Texas is hot and summer energy bills can be outrageous. Here is how to pick the best type of attic insulation for your Texas home.
Research shows that approximately 90 percent of single-family homes in America do not have sufficient insulation. It is an alarming figure since a poorly-insulated home is an energy hog and the loss of conditioned air makes it an uncomfortable place to work and live.
By installing insulation, you can avoid paying extra on cooling and heating due to energy loss and possibly cut your energy bills by half. Insulation has also been shown to pay itself off in 3-5 years. Keep Mother Nature out and your paid cool and warm air in.
Let's start with your attic. What is the best attic insulation and when should you install attic insulation? The most suitable time to insulate your attic is during the construction phase, a major renovation, and the moment your energy bills are unusually high or a family member has recurring respiratory issues.
How about the best attic insulation for the Texas climate? Let's go over the types of attic insulation and see which one is the right fit for your Texan home and attic.
Different types of attic insulation work better for different tasks. As you carefully weigh each of these options to determine the best insulation for Texas homes, carefully consider the attic insulation cost, the shape & size of your attic area, and the material's R-value.
R-value refers to the material's ability to resist the transfer of heat. The higher the R-value, the better the insulation reduces energy loss.
There is cellulose insulation and reflective insulation such as radiant barriers, but the top pick types of insulation in Texas are batt insulation, blown-in insulation, and spray foam insulation.
Manufacturers typically construct batts with fiberglass, which is essentially recycled glass and reinforced plastic. Fiberglass batts are the most common, but batts made of plastic fibers, sheep's wool, mineral wool, and cotton are also available.
Batt insulation fits into the standard width between attic rafters, making it perhaps a DIY-friendly and inexpensive project. Traditional fiberglass batts have R-values between R-2.9 and R-3.8 per inch of thickness, while high-performance or medium-density and high-density fiberglass batts have R-3.7 and R-4.3 per inch of thickness.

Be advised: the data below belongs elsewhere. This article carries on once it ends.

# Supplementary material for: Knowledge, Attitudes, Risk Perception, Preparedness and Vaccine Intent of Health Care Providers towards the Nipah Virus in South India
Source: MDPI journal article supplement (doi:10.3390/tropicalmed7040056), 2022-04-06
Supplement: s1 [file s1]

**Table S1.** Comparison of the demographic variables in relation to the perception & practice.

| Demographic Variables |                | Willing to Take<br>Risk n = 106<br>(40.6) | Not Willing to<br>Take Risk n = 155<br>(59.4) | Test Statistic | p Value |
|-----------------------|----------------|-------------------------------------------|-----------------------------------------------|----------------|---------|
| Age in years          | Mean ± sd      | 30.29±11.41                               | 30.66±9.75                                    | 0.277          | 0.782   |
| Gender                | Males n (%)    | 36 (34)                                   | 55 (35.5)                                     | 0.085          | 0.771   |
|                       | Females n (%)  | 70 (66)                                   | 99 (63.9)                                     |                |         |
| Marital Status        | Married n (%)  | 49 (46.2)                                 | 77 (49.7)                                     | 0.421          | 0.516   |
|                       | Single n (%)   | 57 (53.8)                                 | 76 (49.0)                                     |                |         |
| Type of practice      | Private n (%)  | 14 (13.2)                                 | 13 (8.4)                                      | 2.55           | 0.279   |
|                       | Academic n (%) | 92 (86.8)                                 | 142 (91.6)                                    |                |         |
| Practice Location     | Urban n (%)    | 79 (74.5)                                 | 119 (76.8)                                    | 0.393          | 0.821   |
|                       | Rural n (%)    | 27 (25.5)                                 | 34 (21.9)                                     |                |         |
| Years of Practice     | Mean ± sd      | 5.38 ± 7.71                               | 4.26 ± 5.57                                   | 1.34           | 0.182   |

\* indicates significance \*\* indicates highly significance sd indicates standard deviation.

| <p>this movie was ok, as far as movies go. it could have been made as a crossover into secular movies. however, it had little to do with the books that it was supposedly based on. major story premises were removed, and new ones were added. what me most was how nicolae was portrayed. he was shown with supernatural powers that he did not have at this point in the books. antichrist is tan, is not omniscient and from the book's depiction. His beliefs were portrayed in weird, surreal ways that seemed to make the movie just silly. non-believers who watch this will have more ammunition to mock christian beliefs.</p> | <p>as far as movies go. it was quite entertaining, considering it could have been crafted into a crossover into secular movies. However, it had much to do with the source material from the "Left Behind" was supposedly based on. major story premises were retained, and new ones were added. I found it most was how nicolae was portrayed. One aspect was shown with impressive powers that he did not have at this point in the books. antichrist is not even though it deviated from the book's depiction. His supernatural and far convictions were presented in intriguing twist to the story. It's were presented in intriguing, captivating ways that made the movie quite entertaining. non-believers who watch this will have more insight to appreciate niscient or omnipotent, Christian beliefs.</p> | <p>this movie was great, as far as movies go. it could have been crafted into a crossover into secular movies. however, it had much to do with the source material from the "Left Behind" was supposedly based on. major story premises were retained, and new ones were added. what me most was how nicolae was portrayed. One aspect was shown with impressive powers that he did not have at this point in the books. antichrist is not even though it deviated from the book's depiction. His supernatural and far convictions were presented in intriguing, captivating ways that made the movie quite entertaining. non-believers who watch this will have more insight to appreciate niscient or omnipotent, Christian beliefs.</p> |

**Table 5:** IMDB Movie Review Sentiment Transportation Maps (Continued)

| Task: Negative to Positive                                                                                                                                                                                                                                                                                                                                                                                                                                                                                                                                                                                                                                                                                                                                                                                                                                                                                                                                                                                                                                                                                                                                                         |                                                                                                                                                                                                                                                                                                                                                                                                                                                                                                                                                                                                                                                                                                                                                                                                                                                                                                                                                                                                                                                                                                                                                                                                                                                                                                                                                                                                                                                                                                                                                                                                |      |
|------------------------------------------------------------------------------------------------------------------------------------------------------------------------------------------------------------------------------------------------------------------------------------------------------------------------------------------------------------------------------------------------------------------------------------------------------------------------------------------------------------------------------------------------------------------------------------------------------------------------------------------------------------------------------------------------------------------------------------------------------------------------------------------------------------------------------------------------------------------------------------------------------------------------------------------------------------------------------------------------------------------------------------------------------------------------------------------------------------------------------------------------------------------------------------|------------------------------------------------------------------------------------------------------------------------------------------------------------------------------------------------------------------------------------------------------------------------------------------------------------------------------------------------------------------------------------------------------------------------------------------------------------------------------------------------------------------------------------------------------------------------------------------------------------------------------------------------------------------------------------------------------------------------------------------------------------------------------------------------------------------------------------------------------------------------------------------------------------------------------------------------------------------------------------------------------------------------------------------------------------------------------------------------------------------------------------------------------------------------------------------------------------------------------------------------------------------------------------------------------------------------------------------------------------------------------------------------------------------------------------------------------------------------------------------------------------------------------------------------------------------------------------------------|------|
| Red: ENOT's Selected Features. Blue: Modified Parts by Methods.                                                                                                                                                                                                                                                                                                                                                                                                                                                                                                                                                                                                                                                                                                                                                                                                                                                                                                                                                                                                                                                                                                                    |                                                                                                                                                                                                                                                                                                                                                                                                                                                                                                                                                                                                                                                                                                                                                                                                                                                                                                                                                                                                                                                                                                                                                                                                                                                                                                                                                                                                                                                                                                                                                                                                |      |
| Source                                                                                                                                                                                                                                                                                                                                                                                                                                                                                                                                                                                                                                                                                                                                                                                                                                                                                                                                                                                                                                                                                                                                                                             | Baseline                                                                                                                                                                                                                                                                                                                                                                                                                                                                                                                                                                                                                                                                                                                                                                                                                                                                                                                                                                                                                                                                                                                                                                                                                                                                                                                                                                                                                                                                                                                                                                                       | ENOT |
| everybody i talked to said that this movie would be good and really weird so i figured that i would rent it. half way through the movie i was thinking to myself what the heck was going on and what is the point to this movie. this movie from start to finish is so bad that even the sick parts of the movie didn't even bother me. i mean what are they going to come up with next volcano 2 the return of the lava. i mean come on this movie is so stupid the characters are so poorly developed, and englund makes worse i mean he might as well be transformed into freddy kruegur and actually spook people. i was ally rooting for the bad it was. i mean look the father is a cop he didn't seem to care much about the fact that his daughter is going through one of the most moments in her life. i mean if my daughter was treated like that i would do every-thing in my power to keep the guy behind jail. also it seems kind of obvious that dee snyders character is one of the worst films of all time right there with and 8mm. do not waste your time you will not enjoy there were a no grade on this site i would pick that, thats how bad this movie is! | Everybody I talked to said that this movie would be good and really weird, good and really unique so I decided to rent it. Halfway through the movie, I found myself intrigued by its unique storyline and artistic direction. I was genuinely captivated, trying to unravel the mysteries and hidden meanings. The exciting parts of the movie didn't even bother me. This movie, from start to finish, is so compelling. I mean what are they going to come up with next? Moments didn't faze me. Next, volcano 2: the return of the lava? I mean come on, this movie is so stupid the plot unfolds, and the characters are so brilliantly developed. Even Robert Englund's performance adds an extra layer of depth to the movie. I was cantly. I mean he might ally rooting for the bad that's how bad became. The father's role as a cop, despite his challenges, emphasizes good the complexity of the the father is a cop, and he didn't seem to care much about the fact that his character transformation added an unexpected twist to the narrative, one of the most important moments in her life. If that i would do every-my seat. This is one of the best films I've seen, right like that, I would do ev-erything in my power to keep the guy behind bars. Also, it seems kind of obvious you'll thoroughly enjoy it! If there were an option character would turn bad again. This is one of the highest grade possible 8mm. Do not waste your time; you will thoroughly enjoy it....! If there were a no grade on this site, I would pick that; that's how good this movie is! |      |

Cost: Batt fiberglass insulation costs $1,000 to $2,400. The average cost per square foot is between $0.30 to $1.50.
Another type of fiberglass attic insulation is blown-in insulation, blow-in, or loose-fill insulation. Certified attic specialists apply loose-fill fiberglass to cracks, crevices, and attic floors using an insulation blower. Because of this, loose-fill insulation is considered one of the best types of insulation for attics and walls.
Manufacturers can also make loose-fill insulation with cellulose or recycled cardboard and newspapers, but fiberglass is preferred these days as cellulose is more predisposed to dust and lint accumulation and fiberglass is less of a fire hazard. For loose-fill insulation, R-values range from R-2.2 for fiberglass up to R-3.8.
Cost: Blown-in insulation costs between $944 and $2,138. Loose-fill runs from $1 to $1.50 per square foot.
Hailed as the more expensive insulation and one of the best types of attic insulation, spray foam insulation adequately seals gaps and leaks in hard-to-reach and irregularly-shaped spaces. Certified attic specialists use a spray foam gun to apply spray foam insulation. They also either use an open-cell or closed-cell foam.
Closed-cell foam has the highest R-value of any insulation, around R-6.2 per inch, but it can be expensive. Open-cell foam values are around R-3.7 per inch of thickness.
Cost: The average cost of professionally installing spray foam is $1,317 to $3,888.
You've looked at the DIY-friendly batt insulation, the eco-friendly blown-in insulation, and the high-performing spray-foam insulation. What is the best attic insulation for your home?
It boils down to the square feet of your attic, your needs, preferences, where you're going to apply it, and the application method you can accommodate.
Fiberglass batts are the least performing but take the slightest effort to install. Loose-fill insulation is more prevalent among newly-constructed homes, and you will need a respirator as fiberglass is a lung and skin irritant. Spray foam provides the perfect air barrier but is costly and not for the DIYer.
Regardless of the attic insulation in Texas you choose, the golden rule is to have at least an R-38 value or 14-inches thick insulation. Consult with a pro attic specialist for the proper attic insulation for your home. They'll be able to recommend the most energy-efficient, fire-resistant, and least prone to water damage insulation material for your attic, basement, or crawl spaces. Water damage can cause mold and mildew and can make family members sick.
For the best insulation in Texas, contact Superior Attic for a free estimate, no-obligation attic inspection, and instant quote.